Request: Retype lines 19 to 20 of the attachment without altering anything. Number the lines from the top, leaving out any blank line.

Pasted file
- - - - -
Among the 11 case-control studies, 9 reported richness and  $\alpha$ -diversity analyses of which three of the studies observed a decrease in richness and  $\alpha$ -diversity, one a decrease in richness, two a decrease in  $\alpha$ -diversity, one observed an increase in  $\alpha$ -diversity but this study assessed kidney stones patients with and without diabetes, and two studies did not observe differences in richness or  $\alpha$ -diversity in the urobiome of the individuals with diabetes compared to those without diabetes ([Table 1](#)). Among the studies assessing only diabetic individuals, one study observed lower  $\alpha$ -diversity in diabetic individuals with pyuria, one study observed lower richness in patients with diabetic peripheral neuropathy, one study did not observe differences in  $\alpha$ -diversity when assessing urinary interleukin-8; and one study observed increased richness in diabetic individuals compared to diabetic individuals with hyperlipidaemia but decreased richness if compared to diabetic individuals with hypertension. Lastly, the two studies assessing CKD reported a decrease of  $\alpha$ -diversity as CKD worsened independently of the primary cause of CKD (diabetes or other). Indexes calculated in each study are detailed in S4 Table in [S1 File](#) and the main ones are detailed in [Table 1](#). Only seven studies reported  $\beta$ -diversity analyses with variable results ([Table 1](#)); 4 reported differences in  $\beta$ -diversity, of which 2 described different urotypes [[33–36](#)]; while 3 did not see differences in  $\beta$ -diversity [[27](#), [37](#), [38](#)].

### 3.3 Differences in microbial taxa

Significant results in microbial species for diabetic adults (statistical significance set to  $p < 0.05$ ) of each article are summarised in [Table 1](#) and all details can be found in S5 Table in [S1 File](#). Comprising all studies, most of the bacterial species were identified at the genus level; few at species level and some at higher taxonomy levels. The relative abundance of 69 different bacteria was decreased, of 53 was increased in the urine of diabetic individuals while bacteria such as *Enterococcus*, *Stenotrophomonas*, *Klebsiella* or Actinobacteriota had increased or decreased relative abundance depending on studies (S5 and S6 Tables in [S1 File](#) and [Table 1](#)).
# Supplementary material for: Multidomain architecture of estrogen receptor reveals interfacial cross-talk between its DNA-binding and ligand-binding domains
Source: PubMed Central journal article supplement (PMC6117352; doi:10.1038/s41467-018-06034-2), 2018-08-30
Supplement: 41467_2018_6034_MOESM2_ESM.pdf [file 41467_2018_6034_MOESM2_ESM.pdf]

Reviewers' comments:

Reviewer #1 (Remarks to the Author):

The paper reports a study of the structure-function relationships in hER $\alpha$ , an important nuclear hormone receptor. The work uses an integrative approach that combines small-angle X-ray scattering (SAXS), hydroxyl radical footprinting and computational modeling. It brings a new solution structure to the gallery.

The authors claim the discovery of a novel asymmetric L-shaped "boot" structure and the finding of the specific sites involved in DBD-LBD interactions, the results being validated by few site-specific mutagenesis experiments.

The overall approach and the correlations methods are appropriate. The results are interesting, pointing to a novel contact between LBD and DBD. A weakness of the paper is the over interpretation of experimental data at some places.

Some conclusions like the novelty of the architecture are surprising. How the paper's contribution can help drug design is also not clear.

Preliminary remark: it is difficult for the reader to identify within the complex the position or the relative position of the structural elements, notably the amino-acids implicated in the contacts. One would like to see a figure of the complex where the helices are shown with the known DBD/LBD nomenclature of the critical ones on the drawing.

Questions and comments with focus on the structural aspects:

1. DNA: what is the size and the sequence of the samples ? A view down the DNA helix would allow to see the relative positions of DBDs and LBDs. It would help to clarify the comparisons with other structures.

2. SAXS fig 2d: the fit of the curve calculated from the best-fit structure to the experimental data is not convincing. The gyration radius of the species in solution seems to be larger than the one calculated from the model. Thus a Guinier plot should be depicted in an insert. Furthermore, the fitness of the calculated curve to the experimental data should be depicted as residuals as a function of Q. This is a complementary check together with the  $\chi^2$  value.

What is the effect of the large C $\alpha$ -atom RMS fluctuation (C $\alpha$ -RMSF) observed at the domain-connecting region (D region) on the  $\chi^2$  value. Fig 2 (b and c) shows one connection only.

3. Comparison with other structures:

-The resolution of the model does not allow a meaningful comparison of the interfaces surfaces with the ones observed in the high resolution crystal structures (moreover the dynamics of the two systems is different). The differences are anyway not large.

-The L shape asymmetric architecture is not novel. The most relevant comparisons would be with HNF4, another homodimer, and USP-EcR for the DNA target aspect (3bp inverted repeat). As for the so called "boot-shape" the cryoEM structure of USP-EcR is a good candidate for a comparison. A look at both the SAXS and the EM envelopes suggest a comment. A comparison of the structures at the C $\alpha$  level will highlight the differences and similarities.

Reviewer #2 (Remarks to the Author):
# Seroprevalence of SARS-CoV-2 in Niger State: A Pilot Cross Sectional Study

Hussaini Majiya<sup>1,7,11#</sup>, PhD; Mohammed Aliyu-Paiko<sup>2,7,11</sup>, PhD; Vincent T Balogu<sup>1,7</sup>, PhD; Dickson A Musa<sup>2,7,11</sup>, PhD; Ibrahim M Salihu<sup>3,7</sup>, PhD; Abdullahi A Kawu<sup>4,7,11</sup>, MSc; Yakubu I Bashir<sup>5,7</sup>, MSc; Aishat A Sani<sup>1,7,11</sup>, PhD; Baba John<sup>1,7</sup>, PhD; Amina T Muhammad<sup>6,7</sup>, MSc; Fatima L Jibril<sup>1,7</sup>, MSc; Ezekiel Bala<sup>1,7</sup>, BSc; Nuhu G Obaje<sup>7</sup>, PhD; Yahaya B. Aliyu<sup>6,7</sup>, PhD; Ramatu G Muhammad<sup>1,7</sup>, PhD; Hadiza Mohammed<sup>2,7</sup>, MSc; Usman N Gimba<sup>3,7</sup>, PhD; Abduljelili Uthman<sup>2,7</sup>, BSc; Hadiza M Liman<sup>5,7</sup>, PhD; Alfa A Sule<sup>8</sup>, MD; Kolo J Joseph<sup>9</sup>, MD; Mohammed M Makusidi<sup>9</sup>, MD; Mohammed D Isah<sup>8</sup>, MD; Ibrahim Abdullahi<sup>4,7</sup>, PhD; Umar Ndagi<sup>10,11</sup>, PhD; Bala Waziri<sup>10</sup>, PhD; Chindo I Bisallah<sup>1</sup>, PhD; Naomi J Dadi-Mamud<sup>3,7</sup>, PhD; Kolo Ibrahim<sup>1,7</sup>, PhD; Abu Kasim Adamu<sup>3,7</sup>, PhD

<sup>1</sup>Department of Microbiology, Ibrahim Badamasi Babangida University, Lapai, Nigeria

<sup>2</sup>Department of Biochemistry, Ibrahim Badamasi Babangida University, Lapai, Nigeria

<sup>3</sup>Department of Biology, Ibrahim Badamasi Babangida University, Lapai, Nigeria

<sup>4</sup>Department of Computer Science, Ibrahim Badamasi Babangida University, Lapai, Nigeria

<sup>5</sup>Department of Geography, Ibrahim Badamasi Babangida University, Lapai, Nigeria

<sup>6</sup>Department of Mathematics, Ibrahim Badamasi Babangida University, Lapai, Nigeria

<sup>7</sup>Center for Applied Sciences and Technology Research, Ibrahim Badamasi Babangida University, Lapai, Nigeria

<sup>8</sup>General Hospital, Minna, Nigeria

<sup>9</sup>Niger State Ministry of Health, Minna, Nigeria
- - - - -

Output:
-The resolution of the model does not allow a meaningful comparison of the interfaces surfaces with the ones observed in the high resolution crystal structures (moreover the dynamics of the two systems is different). The differences are anyway not large.

-The L shape asymmetric architecture is not novel. The most relevant comparisons would be with HNF4, another homodimer, and USP-EcR for the DNA target aspect (3bp inverted repeat). As for the so called "boot-shape" the cryoEM structure of USP-EcR is a good candidate for a comparison. A look at both the SAXS and the EM envelopes suggest a comment. A comparison of the structures at the C $\alpha$  level will highlight the differences and similarities.